Now don’t get me wrong, I don’t want our kids to do bad things. I don’t think we should tolerate serious drug use, theft, vandalism, drunk driving or infliction of bodily harm. But is so much more “formal” now with much less room for mistakes. And I did learn from mine.

And using out-of-context Facebook entries as a smoking gun? It’s one thing to be busted, it’s another when a gag photo can affect your entire college admissions process and, indirectly your career. Authorities LOVE low-hanging fruit (like ICE and the wonderful job they do making the legal immigration process so arduous), and what is easier than finding a picture of a coed with a red Solo cup on Facebook? Never mind that it was at a family reunion barbecue and was full of Sprite. This is offensive to me.

Kids need to be kids. And that means that they will do some stupid things. It is our job as parents and educators to prevent them from doing reaaallly stupid things that can get them hurt or ruin their lives. But the temptation is there to prevent EVERYTHING. And that is not the parent’s job or the educator’s job. That is the kid’s job. They have to learn. If they have no experiences they will not learn.

And they won’t have as many anecdotes to tell people 20 years later.

If I were a real CEO, I’d be one that would listen to presentations by McKinsey, Bain and Boston Consulting, for example, very skeptically.

Why? Because I know that a lot of people that work there aren’t as brilliant as they try to pass themselves off, (plus I know that a consultant’s primary goal is increasing the project, with solving your problem coming in well in second).

This article helps vindicate my suspicion. Wall St. and Consulting Firms rely on elite college admissions staff to screen their hires.

I’ve met and worked with enough idiots from the top schools to know that while yes, a Harvard grad would, on average, likely be smarter than someone from say, Wabash, they are not all perfect. Yes, I have come across people from Harvard that were scary smart. But I have come across scary smart people from Middlebury, Denison, Dickinson, William and Mary, Brigham Young Michigan, Colgate, Rutgers, and even a friend who is a high-school drop-out (later GED’d).

But if I stack up the people from the other schools against the people I know from the elites, my assessment is that the elite grads have bigger egos, but did not show a willingness to get dirty, do detailed quantitative work, or even possess anything that could be argued as superior analytical skills.

But to many firms, the name is what matters:

Steve Hsu points out that, effectively, the hiring process of elite law firms and investment banks is being “outsourced” to college admissions officers.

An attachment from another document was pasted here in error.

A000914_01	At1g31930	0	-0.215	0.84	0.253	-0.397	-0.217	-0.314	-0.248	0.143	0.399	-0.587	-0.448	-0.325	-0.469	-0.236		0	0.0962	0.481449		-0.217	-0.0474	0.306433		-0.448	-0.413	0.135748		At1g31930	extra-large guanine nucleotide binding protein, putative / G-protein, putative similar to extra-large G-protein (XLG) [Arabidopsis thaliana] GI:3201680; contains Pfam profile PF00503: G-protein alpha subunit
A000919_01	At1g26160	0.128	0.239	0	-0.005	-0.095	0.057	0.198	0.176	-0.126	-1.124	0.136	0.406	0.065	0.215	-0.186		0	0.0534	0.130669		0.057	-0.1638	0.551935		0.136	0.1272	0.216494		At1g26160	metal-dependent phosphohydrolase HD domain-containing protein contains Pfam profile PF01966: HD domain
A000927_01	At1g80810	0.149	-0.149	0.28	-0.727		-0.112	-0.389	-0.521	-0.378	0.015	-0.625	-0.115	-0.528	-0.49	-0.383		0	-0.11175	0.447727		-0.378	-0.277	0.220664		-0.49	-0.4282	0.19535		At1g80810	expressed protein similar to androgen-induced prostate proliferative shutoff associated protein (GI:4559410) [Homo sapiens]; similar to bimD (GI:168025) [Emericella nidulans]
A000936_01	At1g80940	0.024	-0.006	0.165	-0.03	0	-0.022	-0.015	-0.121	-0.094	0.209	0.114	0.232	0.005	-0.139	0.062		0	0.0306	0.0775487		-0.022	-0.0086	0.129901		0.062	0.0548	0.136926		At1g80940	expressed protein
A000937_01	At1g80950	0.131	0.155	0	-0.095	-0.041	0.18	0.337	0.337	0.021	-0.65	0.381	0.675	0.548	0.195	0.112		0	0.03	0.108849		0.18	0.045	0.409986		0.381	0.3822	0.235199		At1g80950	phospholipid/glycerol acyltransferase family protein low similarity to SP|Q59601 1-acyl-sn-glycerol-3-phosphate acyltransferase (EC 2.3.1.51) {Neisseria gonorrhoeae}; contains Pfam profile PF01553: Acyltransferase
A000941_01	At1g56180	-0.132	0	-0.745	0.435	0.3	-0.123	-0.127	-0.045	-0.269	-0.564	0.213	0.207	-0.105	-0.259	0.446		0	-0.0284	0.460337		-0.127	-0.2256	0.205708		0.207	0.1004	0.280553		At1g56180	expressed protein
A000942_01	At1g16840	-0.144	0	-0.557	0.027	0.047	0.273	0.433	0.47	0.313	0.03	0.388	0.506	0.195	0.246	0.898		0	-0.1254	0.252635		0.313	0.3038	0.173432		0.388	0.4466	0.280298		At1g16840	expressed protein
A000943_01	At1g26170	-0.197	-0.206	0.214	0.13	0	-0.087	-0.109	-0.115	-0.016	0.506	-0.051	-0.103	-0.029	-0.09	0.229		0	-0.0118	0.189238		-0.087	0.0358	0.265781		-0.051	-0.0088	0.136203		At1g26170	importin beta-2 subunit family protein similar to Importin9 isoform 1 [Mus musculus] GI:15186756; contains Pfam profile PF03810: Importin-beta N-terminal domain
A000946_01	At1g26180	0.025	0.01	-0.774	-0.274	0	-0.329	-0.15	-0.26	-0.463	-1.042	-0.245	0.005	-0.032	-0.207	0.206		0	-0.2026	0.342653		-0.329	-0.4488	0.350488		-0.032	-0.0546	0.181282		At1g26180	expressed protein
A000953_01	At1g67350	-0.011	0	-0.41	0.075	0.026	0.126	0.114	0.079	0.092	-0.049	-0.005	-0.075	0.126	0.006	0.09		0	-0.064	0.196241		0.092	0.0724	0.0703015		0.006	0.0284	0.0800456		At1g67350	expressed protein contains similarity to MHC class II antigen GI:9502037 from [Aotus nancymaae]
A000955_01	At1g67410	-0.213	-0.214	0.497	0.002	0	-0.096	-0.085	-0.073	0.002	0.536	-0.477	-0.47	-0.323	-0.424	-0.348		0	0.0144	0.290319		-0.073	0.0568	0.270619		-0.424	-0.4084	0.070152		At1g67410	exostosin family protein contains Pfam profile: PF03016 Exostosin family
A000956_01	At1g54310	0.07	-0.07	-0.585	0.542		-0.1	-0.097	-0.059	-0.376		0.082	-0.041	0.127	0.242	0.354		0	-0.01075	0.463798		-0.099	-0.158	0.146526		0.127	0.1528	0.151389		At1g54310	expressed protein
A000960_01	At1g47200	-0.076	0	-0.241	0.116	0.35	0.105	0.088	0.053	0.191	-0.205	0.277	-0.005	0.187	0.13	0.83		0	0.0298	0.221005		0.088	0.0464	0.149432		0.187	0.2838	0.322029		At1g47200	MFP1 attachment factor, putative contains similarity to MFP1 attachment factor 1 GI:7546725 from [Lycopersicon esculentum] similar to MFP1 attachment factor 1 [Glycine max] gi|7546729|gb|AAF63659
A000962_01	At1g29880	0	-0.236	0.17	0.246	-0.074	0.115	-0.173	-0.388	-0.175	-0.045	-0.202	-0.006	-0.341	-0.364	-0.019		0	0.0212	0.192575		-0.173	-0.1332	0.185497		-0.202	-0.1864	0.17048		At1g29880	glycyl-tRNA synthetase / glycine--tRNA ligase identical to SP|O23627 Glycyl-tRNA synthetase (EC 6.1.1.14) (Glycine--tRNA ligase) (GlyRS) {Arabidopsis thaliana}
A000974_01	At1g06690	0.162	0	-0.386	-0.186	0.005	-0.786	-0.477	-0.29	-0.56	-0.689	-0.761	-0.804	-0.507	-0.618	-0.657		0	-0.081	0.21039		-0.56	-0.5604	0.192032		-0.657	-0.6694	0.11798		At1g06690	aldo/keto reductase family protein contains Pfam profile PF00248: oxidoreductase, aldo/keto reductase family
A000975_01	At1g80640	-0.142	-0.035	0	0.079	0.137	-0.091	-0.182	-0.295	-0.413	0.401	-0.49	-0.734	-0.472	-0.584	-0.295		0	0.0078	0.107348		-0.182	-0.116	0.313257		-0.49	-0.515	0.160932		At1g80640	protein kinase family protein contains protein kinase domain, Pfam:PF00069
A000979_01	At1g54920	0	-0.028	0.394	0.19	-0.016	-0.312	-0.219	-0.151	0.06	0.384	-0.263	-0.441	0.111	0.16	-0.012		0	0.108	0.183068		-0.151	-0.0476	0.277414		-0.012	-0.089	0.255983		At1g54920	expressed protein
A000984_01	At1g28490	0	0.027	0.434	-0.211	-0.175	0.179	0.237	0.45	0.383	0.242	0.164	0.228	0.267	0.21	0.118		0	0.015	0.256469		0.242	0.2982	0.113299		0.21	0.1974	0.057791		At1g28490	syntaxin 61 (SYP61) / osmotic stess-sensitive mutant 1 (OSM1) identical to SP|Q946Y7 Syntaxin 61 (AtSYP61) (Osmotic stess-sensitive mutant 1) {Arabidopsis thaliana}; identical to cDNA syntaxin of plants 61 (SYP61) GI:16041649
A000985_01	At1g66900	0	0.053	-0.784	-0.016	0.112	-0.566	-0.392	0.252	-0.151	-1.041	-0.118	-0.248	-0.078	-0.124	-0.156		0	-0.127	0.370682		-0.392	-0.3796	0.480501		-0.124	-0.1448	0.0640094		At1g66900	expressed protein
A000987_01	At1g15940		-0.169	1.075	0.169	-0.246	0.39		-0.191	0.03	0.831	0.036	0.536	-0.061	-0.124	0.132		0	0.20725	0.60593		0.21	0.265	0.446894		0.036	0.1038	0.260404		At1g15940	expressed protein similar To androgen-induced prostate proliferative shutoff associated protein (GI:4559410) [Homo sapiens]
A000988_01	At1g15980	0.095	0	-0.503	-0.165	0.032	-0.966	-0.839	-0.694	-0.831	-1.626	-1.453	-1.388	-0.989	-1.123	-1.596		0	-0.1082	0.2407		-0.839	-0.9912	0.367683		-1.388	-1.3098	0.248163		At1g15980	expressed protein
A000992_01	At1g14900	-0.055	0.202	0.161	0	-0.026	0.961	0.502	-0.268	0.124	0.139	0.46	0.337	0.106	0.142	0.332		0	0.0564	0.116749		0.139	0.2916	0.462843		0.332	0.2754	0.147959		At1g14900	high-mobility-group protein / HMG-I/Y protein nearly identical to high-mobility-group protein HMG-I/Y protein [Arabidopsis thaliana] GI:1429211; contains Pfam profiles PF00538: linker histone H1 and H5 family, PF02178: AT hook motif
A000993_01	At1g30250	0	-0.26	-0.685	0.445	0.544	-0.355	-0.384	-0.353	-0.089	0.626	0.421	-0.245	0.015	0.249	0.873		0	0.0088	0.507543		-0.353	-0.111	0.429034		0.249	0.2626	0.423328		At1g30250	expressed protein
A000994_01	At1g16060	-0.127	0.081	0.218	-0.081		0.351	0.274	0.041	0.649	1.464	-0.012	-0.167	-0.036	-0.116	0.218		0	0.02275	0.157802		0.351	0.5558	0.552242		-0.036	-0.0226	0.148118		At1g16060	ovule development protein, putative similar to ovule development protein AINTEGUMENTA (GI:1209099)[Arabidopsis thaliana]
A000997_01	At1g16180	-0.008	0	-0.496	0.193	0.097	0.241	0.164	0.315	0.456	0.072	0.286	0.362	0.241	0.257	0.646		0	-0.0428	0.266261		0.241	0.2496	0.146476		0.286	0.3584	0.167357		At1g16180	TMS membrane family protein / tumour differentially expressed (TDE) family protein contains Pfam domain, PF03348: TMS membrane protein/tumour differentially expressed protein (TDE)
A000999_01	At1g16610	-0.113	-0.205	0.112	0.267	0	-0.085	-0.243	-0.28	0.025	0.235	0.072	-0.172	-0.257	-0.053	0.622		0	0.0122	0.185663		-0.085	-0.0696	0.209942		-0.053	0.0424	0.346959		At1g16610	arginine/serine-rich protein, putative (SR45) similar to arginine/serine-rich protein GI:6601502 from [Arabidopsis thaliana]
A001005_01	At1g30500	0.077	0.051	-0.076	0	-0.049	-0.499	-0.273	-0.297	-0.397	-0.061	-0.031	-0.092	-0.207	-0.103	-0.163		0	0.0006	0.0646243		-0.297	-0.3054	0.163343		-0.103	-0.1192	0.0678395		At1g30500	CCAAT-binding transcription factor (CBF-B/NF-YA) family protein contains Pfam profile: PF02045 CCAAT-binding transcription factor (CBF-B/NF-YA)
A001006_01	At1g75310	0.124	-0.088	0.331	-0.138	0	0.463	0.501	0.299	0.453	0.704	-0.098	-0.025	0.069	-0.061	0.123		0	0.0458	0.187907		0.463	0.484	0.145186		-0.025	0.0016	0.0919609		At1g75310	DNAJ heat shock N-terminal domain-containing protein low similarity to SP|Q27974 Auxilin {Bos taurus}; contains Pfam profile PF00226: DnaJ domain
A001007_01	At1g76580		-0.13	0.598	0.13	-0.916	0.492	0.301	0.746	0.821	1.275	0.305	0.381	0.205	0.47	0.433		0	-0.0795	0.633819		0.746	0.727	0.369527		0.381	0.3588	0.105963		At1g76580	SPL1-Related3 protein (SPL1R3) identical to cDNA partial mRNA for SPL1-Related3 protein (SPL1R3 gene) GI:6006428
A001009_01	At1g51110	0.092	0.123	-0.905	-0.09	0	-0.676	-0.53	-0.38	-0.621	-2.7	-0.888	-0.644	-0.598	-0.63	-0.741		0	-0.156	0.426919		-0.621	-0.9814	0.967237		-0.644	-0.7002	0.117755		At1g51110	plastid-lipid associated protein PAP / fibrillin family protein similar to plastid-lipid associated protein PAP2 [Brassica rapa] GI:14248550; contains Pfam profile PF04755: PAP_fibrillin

It is odd that the soft firms, which market themselves to clients as being super-smart repositories of brainpower (of course this is largely a fiction; see point 3 above), would rely so heavily on university admissions committees. They effectively outsource a big chunk of due diligence on their most important investment (human capital) to a group of people whose judgement they somehow trust, but perhaps without detailed understanding. When I was on the faculty at Yale I knew people in admissions and it’s not clear to me that they were the best able to spot potential in 18 year olds. In studies of expert performance admissions people are less good at predicting UG GPA than a simple algorithm. (The “algorithm” is simply a weighted sum of SAT and HS GPA!)

By the way, Hsu thinks this situation applies more to “soft firms”—law firms, investment banks, and consultants where the actual performance of the firm is harder to measure than “hard firms”—such as hedge funds and technology companies—where he thinks prestige is likely to count for less.

The question is why so many firms do this? One answer is that it seems to work—it gets them the right candidates so why mess with the formula? If you add in an efficient market hypothesis, you could say that if using college admissions as a proxy for fitness at an elite firm was a mistake, some firm would take the opportunity to hire all the under-demanded smart kids from other colleges.

Ah, but there is where the author has a mistaken assumption: that HR people are not pathetically lazy. HR people don’t want to scour the world for talent. That takes time and effort. And if someone is hired who is an idiot, they can get away with a shrug and “What could I do? He got into Harvard and interviewed well. How could I have known?”

So if I ever amount to anything, some of you reading this can take heart that I will happily throw the Harvard, Yale, and Princeton resume books into my recycling bin should I ever receive one. I’d give the kids from College of NJ and Drexel a shot.

In the real estate section our number came up…they did a Living in Cranford article:

The fun thing is that the article raves over everything that posters hate: The downtown, the DMC, the College with its parking problems, the “white elephant” that is Cranford Crossing.

Two things can happen from these types of articles….burglars see it and think, ‘hey, that’s a nice town to go knock over some houses’ and pompous Times readers will check out Cranford in addition to Montclair when looking to escape from the Upper West Side.

Note to pompous Times readers: just move to Montclair…nothing to see here in Cranford. Move along….